Washington, D. C. – In the final days before his execution in July 1943 at the hands of the Nazi party, Willem Arondeus asked his lawyer for one last request: to spread a message after he was gone. “Let it be known,” he said. “Homosexuals are not cowards.” A battle cry of defiance and a bold assertion of his strength, Arondeus lived his life by these words. An openly gay man and a tireless member of the Dutch resistance against the Nazi occupation of the Netherlands, he willingly sacrificed his life for a mission that ultimately protected hundreds of thousands of Jews’ lives.
Born in 1894 as the youngest of six siblings in Naarden, Amsterdam, Arondeus began to have constant fights with his parents over his sexuality. Amsterdam decriminalized homosexuality in 1811, but restrictive rules still barred homosexuality in the early 20th century. But Arondeus refused to suppress his identity as a gay man, leaving home that year at age 17 and severing ties with his family. Arondeus quickly learned, though, that persistent discrimination of LGBT citizens made life difficult. Alongside living in poverty, he also struggled to find housing due to his refusal to hide his sexuality. “Willem, as an exception, lived as openly as he could,” Klaus Mueller, the European representative for the United States Holocaust Memorial Museum, said during a Holocaust Museum virtual event “Pride Month: Defying Nazi Persecution” this past July. “In his diaries… he wrote about being kicked out of apartments because he was gay, there was no protection.”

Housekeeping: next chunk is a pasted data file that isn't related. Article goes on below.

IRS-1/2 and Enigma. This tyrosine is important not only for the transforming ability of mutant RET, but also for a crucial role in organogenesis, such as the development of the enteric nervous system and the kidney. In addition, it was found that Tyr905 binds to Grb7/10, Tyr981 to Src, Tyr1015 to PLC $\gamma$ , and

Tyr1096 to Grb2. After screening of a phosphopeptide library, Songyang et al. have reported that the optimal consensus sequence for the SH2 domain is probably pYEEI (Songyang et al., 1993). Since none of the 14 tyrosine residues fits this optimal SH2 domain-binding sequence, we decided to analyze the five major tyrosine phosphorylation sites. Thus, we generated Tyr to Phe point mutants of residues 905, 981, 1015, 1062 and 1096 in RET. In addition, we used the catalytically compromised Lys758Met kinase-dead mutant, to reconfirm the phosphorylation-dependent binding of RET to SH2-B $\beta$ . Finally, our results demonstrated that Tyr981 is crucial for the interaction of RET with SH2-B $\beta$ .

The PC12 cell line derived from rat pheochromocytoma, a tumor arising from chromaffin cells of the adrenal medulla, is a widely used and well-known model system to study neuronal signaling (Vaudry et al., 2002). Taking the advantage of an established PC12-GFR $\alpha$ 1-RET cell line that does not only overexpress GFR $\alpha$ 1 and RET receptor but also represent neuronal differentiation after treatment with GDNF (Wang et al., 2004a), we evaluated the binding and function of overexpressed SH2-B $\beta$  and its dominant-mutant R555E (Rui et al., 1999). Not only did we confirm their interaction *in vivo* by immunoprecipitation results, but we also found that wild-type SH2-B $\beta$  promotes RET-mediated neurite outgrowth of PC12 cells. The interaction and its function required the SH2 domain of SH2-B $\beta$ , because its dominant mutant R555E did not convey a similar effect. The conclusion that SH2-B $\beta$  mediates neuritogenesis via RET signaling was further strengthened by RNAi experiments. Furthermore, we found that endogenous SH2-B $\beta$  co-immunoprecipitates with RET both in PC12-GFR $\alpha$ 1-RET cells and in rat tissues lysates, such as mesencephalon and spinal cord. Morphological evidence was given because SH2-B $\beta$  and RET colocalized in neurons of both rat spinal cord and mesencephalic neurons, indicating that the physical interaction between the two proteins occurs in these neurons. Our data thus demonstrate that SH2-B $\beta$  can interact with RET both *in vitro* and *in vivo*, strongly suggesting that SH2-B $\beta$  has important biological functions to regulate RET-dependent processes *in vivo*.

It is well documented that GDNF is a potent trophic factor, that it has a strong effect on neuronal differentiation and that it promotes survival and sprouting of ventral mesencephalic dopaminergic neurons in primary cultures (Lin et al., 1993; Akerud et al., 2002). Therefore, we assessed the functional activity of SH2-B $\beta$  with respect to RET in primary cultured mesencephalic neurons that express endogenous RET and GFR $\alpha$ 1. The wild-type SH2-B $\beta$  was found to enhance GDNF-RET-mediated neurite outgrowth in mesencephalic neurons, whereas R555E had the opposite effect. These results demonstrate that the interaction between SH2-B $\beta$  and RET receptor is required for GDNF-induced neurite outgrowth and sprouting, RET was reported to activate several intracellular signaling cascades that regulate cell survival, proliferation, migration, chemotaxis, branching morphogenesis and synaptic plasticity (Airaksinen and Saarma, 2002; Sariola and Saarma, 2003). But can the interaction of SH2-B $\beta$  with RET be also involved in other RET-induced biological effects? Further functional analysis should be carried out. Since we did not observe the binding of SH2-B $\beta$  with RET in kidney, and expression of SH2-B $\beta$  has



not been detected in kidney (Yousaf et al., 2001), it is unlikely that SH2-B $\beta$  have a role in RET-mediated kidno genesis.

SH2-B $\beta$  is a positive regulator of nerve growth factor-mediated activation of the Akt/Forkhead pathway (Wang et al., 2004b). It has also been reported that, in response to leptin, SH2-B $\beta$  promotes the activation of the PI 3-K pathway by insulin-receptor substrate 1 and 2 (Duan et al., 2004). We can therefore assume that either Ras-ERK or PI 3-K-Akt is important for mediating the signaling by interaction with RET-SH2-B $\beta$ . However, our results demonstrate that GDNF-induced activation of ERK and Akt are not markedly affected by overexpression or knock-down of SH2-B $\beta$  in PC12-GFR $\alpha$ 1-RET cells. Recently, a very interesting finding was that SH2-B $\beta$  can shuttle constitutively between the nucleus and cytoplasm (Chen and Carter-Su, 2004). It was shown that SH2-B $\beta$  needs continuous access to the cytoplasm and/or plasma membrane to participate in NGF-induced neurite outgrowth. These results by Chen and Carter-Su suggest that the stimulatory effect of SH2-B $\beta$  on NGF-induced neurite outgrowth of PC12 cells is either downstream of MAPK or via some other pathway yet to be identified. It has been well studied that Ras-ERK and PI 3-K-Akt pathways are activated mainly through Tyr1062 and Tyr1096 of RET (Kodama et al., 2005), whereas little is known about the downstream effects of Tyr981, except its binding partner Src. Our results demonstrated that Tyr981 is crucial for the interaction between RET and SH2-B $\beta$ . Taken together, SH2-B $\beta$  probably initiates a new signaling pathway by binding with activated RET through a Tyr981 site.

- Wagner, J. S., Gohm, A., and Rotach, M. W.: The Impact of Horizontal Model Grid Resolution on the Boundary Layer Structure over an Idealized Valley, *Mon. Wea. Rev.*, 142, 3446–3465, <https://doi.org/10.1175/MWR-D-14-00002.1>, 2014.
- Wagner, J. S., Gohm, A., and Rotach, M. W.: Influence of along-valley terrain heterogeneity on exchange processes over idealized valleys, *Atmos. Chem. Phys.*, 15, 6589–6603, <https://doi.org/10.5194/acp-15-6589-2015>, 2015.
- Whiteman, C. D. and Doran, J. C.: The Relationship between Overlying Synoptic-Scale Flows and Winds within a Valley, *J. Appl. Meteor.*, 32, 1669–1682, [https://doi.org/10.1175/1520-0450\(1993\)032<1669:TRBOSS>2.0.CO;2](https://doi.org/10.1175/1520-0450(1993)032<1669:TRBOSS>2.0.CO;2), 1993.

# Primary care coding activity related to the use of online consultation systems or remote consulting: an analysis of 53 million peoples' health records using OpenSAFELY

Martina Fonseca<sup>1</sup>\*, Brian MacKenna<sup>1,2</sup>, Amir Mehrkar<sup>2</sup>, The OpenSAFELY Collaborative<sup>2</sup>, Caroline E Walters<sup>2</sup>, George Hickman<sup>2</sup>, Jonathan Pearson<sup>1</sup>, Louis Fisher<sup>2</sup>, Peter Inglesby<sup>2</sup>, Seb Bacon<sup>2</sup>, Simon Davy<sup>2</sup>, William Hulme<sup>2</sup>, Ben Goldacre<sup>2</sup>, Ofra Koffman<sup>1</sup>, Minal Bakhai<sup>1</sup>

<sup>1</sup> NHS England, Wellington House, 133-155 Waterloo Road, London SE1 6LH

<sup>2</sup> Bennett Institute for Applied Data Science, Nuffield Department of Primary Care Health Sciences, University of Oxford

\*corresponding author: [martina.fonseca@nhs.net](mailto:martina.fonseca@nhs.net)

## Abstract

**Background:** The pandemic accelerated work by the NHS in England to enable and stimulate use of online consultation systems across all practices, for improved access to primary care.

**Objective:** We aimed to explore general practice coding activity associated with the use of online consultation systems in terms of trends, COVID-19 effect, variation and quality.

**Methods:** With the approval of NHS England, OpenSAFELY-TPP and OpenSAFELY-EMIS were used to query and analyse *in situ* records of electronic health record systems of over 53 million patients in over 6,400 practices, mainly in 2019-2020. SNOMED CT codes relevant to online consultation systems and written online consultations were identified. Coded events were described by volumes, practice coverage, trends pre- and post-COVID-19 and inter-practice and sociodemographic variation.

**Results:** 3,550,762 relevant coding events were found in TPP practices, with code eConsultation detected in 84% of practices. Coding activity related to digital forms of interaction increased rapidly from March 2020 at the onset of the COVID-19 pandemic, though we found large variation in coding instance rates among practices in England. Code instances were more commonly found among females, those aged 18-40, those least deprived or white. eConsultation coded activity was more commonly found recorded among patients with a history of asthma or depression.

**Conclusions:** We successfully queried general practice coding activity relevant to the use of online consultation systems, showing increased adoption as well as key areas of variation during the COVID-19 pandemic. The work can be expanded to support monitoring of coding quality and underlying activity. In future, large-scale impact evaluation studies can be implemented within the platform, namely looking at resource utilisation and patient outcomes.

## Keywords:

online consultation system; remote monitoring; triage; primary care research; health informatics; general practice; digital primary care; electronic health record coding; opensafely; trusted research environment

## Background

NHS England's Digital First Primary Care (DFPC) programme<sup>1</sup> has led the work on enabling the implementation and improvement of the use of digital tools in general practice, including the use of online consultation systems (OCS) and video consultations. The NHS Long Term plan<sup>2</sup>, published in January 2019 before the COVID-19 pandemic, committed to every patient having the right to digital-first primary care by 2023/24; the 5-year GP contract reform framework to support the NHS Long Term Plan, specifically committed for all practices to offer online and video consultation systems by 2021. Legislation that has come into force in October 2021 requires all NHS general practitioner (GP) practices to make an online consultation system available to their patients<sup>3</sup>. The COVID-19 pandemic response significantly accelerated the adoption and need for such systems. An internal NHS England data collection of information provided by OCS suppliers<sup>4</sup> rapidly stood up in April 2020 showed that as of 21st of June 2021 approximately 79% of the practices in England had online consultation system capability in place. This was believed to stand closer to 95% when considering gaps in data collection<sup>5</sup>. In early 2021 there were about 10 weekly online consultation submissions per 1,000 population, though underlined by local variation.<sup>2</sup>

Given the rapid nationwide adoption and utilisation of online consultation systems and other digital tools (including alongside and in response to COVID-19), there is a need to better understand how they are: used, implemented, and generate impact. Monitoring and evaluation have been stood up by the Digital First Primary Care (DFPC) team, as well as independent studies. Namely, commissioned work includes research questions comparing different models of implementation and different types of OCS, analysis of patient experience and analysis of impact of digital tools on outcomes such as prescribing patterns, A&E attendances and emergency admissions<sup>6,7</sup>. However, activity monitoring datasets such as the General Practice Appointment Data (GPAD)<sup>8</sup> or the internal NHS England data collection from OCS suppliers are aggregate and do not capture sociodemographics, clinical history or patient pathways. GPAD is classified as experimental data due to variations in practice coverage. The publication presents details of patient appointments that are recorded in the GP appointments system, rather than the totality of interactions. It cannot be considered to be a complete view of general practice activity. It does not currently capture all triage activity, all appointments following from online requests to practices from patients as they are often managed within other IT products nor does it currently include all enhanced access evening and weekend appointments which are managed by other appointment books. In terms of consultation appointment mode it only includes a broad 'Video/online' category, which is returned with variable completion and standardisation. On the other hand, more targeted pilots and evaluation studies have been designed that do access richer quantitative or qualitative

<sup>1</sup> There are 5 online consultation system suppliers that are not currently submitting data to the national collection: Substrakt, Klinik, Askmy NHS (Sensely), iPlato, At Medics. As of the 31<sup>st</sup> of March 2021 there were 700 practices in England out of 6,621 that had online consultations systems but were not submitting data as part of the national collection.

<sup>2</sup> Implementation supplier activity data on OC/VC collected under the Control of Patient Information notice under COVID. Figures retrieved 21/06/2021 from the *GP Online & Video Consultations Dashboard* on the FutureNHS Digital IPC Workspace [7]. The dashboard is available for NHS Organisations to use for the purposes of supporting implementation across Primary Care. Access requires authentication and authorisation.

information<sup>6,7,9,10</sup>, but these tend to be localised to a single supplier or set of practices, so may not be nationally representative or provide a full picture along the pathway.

While Arondeus had many artistic talents, he is much more recognized for his courageous acts of rebellion as a member of the Dutch resistance during World War II — which he joined in 1940 and where he truly found his voice as an activist. Cognizant of this dire threat, Arondeus sprang into action right at the start of the Nazi occupation. Along with publishing anti-Nazi information, he and other members of the resistance created about 70,000 false identification cards of Dutch Jews — preventing them from being tracked down by the Nazis. Yet over time, the Nazis began to catch on more and more to the forged documents, which could be double checked at the Amsterdam registry building. Arondeus and the rest of his unit constructed their riskiest plan yet: they would blow up the facility — along with the hundreds of thousands of documents inside. And so, on March 27, 1943, a group of resistance fighters led by Arondeus entered the facility disguised as Dutch police, drugged the guards, and blew up about 800,000 identity cards. Yet, just several days later on April 1, an anonymous source informed authorities of the attack and Arondeus was arrested. Some were able to escape and flee the country, but exactly three months later, Arondeus and 12 others — including two other gay men — were brought before a firing squad and executed. To learn more about Willem Arondeus, visit the United States Holocaust Memorial Museum’s website and YouTube page. (Philadelphia Gay News – Victoria Ebner at https://epgn.com/2021/09/28/dutch-gay-man-defied-the-nazis-and-saved-thousands/)
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